Tuesday, July 16, 2013

German Energy Companies Threaten Shutdown Of Power Plants

The threat of German power plants closing is a growing story - but one often told incompletely.

German Energy Companies Threaten Shutdown Of Power Plants | The Global Warming Policy Foundation (GWPF):
German operators of coal and gas power plants are sounding the alarm: the operation of many power plants is no longer profitable as a result of the green energy transition. Dozens of plants could be closed down, the industry warns.
Numerous coal and gas power plants apparently are threatened by a shutdown. According to a report in the Süddeutsche Zeitung(SZ), many companies and municipal utilities are assessing the cost of dozens of power plants. As a result, the security of supply is at risk because many of the plants could be shut down. Of approximately 90,000 megawatt of conventional power capacity in Germany up to 20 percent could be shut down, the newspaper quoted the CEO of a utility. In the worst case scenario, Germany would face blackouts.
The entire article can be read in German at Spiegel Online; the entire translation at The Global Warming Policy Foundation (GWPF)
But ...
The translation gets the end wrong with;
However, the government could pass a law to keep power plants on the grid if the supply security were in danger.
The Google translation is:
However, the government had the ability to hold investments by law from the mains when the security is in danger.
A better explanation is given at the German Energy blog in Süddeutsche Zeitung: Utilities Plan to Shut Down Many Unprofitable Conventional Power Plants:

Since an amendment of the Germany Energy Act (EnWG) in late 2012, there is the legal possibility of prohibiting the shut down of larger power plants.
Section 13a para. 1 EnWG stipulates that operators of plants generating or storing electricity with a rated power of 10 MW or more are required to inform the responsible transmission operator and BNetzA at least twelve months prior to a preliminary or permanent closure of power plants or parts thereof. According to Section 13a para. 2 EnWG a permanent closure of plants generating or storing electricity with a rated output of 50 MW or more is prohibited after the expiry of the period set out in Section 13a para. 1 EnWG if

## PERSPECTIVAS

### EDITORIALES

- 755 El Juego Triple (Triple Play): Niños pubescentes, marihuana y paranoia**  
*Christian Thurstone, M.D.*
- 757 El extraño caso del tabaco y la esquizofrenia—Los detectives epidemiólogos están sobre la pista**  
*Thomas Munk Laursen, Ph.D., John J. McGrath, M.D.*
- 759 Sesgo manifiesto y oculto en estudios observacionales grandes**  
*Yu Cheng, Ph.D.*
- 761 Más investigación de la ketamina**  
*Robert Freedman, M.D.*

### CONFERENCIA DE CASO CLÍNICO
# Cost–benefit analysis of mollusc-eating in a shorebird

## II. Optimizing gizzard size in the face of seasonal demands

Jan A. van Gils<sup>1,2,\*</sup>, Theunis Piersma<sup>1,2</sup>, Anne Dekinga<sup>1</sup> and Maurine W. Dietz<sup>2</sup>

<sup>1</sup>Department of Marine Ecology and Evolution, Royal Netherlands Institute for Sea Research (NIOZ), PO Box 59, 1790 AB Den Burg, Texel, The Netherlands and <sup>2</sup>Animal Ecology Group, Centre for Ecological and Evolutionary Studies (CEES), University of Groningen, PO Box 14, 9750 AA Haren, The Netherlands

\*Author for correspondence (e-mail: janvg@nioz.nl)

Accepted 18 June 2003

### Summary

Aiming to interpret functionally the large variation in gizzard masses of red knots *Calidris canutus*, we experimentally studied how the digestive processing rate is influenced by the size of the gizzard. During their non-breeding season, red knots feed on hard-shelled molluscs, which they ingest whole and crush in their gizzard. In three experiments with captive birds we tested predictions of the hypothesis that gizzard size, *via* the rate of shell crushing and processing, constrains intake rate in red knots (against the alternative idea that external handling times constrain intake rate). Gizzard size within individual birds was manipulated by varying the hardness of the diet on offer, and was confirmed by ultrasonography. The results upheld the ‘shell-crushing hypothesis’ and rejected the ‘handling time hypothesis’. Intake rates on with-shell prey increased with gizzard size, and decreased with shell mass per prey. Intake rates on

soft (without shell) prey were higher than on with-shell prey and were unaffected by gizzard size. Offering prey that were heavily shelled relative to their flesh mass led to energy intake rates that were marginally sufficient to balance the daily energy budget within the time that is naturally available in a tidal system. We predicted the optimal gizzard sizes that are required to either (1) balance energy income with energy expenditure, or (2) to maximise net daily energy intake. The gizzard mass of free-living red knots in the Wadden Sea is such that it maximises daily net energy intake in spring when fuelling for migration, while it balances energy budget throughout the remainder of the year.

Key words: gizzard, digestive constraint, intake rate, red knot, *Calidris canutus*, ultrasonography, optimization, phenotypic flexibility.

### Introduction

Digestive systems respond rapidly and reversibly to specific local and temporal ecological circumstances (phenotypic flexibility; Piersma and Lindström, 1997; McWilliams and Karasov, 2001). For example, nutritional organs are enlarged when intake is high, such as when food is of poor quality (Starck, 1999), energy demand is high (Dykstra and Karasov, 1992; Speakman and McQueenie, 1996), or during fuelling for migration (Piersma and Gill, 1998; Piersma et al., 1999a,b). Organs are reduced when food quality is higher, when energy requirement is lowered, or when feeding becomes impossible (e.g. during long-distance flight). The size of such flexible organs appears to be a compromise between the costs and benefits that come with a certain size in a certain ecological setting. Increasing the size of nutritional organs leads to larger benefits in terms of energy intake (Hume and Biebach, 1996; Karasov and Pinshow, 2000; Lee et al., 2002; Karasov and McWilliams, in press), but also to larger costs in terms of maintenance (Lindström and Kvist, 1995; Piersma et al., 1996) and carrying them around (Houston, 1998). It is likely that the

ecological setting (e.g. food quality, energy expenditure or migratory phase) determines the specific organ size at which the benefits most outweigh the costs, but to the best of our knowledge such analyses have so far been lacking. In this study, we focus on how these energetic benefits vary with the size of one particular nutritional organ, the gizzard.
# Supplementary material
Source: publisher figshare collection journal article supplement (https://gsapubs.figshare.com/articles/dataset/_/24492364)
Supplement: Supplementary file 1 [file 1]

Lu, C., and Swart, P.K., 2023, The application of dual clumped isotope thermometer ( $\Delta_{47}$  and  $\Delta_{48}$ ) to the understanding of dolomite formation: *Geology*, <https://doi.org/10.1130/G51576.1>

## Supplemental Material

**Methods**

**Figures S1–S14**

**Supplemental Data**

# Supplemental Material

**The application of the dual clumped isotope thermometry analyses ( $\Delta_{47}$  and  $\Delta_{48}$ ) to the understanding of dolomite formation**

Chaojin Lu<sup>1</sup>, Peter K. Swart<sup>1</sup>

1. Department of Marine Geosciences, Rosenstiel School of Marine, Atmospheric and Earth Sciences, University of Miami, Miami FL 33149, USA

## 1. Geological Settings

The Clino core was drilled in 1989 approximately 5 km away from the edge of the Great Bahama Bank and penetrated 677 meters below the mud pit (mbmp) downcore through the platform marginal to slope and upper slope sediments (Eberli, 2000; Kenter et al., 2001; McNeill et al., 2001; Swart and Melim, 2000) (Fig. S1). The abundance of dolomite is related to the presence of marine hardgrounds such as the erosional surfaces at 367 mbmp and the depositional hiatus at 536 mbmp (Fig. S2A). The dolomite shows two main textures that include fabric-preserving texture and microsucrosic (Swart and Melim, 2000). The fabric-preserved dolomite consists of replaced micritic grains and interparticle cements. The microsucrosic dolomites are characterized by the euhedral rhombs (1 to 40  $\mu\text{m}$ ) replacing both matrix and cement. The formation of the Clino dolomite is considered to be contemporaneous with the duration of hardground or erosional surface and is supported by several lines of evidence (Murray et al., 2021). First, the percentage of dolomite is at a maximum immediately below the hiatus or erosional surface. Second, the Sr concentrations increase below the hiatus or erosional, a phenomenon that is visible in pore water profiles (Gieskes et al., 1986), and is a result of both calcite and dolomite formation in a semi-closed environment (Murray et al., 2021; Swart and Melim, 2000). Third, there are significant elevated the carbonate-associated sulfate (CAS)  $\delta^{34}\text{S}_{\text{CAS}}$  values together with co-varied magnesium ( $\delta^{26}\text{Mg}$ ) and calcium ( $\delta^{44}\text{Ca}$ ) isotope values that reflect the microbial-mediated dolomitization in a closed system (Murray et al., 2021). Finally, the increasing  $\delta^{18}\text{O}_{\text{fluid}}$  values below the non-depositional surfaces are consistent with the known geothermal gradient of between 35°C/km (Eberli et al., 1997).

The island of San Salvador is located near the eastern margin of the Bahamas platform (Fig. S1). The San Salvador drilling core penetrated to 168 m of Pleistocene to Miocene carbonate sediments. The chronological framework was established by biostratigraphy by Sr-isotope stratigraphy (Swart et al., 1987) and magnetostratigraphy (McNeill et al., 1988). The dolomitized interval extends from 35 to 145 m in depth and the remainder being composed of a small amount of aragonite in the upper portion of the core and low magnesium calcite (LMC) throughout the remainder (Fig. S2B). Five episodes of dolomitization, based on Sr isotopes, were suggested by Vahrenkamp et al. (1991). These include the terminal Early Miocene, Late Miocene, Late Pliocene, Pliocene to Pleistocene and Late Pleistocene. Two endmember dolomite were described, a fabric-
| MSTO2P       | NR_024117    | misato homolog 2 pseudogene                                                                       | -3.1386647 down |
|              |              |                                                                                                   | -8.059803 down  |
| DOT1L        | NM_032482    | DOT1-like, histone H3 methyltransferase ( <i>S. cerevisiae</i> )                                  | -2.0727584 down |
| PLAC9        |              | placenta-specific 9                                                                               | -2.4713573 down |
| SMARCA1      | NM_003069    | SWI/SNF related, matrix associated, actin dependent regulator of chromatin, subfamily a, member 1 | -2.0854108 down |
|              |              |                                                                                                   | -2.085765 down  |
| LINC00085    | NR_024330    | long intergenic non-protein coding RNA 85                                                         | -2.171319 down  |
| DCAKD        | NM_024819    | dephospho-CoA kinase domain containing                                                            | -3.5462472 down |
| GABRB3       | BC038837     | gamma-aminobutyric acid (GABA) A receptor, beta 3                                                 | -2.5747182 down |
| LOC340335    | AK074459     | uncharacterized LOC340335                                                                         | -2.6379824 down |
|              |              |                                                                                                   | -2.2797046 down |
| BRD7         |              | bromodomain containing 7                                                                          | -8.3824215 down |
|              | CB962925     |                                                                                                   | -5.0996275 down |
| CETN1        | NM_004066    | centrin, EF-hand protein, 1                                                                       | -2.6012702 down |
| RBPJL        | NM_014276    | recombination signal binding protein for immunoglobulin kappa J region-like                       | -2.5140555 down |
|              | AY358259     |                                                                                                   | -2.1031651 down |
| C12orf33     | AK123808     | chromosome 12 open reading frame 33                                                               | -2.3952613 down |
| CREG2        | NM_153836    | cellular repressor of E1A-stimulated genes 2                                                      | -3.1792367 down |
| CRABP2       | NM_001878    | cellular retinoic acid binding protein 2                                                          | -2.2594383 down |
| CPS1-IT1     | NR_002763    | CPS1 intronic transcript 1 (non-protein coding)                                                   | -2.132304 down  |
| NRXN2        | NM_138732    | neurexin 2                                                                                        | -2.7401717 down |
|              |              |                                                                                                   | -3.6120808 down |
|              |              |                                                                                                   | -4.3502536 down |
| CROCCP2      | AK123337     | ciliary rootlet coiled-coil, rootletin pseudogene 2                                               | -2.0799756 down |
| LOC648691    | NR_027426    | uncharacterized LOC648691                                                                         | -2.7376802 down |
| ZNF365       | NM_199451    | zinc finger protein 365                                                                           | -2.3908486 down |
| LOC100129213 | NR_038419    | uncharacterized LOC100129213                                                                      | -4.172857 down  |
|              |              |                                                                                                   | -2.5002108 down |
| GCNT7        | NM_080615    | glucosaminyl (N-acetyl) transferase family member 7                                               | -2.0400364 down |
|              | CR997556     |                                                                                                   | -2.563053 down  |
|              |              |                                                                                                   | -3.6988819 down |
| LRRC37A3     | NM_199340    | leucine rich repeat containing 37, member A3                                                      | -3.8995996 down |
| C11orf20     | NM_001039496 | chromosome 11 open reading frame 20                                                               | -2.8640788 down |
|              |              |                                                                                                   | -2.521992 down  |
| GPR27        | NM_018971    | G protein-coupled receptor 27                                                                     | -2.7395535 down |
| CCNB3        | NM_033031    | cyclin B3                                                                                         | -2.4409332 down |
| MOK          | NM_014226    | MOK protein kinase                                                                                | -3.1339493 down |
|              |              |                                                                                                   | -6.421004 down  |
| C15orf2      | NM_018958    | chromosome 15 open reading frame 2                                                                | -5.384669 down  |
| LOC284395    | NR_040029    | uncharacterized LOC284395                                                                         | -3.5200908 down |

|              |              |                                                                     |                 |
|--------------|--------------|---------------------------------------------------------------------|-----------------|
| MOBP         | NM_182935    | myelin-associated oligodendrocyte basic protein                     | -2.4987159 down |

• the responsible TSO declares the plant “system-relevant”;
  • BNetzA approved this assessment;
  • and it is technically and legally possible to continue operations.
A plant is deemed “system-relevant” if it is sufficiently likely that a permanent closure would lead to a substantial danger for or an interference with the safety or reliability of the electricity supply system and cannot be overcome by other suitable measures.
In June the government passed the so-called Reservekraftwerksverordnung (Ordinance on Reserve Power Plants – ResKV), which further specifies the above provisions. It also set the requirements for an “appropriate remuneration” (cf. Section 11 paras. 2 to 4 ResKV).
I've long written about the issues adding variable renewable energy sources (vRES) to a grid, aincluding in Electricity Sector Lessons from Ontario and Germany.  Once Germany introduced an option of paying for critical capacity, there was bound to be a lot of interest in claiming to want plants shuttered simply to get the money to stay open.

Another article that caught my attention today was German utilities halt fossil plants
German power utilities E.ON and EnBW within days both announced plans to mothball fossil-fuel power plants in Europe that can no longer compete with renewables in electricity markets.

E.ON late Monday announced it will halt its 430MW combined-cycle gas power plant in Malzenice, Slovakia. It had only entered service in January 2011, but in the past two and a half years has only operated for about 5,600 hours.
The unit, whose fuel efficiency exceeds 58%, was planned to operate at least 4,000 to 5,000 hours per year, E.ON says.
My take: Germany will need to offer capacity payments, of some type, to maintain adequate dispatchable supply to meet peak demand.
Utilities will want to reduce supply to drive up price.
If other countries don't follow a German lead to offer capacity payments to keep dispatchable generators operating, their dispatchable generators will be the ones to be closed.
Particularly if they are owned by German utilities.

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